"This [London becoming the second-biggest offshore clearing centre] means UK corporations can get the full range of renminbi products, which facilitates trade between the UK and China," he said.
"Exports to China can now be invoiced in the local currency, which gives them a better deal rather than have to receive dollars and then exchange them into pounds, and the same applies to imports."
However, the renminbi's emergence as global currency could be a double-edged sword for the UK, as it has tilted volumes towards Asia. According to a survey published earlier this month by the Bank for International Settlements, London's share in the currencies-trading business fell from 41% in 2013 to 37.1% this year, the first decline in more than a decade.
London's loss has been Asia's gain, with Hong Kong, Tokyo and Singapore all increasing their business volumes, as the combined market share rose from 15% to 21%. Boleat, however, suggested the shift in FX trading volumes was not source of concern for London.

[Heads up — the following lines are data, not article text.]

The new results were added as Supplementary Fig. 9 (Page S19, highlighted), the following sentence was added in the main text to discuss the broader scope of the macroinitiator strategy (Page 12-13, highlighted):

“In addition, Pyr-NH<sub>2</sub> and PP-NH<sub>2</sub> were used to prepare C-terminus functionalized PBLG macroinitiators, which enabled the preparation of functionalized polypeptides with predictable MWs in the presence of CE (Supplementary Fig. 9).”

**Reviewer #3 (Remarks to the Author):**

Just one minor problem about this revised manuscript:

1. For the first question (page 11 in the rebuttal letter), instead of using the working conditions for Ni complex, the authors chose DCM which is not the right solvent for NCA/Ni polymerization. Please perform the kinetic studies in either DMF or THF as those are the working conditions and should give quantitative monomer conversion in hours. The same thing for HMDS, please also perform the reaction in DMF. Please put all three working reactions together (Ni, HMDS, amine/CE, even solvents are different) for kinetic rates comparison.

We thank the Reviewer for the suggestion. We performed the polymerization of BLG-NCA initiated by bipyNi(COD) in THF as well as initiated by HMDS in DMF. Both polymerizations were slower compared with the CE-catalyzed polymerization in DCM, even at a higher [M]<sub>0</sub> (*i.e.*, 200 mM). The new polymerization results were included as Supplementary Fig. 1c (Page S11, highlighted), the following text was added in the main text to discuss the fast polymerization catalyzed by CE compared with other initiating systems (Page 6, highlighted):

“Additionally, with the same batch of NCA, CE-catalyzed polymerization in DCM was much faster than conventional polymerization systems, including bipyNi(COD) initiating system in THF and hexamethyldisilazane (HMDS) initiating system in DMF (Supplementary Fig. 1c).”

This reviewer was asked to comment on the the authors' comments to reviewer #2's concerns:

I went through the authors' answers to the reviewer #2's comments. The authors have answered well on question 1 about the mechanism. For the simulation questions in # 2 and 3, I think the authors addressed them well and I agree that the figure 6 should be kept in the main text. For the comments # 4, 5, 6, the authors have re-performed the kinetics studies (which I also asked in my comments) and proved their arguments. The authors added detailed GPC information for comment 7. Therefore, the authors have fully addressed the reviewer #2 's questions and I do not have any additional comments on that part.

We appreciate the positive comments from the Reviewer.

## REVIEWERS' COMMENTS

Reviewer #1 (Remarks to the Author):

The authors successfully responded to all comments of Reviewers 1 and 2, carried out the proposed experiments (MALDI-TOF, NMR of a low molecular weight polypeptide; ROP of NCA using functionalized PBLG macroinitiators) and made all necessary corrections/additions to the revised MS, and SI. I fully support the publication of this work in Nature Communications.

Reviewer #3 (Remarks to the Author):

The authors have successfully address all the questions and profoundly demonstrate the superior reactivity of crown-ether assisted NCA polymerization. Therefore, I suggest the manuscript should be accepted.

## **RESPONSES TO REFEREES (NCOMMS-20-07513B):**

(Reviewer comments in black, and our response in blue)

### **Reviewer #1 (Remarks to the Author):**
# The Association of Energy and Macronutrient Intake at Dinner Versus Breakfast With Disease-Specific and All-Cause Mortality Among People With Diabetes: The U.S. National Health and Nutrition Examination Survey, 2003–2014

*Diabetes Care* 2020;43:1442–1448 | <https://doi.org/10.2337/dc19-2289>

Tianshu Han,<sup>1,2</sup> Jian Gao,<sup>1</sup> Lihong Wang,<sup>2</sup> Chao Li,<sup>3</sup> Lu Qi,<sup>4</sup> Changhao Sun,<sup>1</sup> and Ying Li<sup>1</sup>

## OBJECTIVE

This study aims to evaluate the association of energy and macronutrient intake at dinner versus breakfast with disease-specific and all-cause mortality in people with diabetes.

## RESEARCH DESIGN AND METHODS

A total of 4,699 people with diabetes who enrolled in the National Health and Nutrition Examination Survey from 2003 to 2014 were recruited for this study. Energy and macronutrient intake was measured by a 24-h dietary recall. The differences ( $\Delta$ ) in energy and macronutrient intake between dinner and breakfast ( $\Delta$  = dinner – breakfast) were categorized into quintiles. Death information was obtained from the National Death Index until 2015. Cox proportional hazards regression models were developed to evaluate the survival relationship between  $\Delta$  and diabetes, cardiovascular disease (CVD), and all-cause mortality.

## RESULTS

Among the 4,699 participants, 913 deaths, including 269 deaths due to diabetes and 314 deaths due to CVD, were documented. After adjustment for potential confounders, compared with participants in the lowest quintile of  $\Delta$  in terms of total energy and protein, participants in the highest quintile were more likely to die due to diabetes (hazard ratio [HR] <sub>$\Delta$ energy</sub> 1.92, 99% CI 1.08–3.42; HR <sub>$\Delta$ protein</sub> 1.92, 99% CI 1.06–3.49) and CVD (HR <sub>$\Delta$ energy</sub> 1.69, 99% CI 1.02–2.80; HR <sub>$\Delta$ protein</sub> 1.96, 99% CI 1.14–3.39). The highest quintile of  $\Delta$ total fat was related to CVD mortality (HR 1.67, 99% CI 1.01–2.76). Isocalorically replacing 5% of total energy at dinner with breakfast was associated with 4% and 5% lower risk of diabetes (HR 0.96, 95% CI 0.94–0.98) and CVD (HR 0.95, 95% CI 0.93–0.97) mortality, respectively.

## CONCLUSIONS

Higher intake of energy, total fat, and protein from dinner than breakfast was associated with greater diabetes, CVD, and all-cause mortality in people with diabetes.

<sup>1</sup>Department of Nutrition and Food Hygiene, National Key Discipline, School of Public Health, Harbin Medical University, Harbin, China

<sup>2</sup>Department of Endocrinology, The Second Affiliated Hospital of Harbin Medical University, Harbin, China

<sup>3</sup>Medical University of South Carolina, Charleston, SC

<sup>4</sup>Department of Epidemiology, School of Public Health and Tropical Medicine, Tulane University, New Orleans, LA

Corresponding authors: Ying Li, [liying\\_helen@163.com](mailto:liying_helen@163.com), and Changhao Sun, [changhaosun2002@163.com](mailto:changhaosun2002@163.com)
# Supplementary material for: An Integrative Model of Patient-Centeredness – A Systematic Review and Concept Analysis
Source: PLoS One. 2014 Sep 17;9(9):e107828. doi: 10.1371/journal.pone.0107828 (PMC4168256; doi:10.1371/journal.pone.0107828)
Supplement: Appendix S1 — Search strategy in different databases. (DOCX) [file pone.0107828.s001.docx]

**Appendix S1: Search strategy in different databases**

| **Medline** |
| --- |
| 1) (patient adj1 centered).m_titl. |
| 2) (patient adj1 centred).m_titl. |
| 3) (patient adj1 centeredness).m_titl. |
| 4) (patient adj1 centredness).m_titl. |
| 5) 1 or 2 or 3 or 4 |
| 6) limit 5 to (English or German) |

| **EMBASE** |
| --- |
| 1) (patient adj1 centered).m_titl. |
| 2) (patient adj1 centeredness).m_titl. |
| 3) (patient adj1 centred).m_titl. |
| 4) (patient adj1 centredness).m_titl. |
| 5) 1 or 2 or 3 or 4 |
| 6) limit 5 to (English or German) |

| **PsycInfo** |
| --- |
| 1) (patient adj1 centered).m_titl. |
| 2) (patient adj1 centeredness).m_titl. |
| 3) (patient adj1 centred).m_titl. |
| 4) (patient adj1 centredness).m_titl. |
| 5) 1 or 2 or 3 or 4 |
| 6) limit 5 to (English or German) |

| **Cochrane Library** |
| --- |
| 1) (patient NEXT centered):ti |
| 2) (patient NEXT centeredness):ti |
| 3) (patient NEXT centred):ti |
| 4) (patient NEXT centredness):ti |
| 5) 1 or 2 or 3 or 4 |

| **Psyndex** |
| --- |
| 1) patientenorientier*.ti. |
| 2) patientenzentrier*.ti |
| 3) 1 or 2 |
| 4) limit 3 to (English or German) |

"The emergence of renminbi as global currency and the decline in London's FX market are not a worry, as financial business and economic growth in Asia was always going to being titled to the nations in the region," he explained.
"The growth of renminbi markets in Hong Kong and Singapore does not come at London's expenses."
Brexit impact yet to be felt
However, Britain's decision to leave the European Union could have a serious impact on both London's role as main offshore renminbi clearing centre as well as to its chances of dominating the foreign exchange market.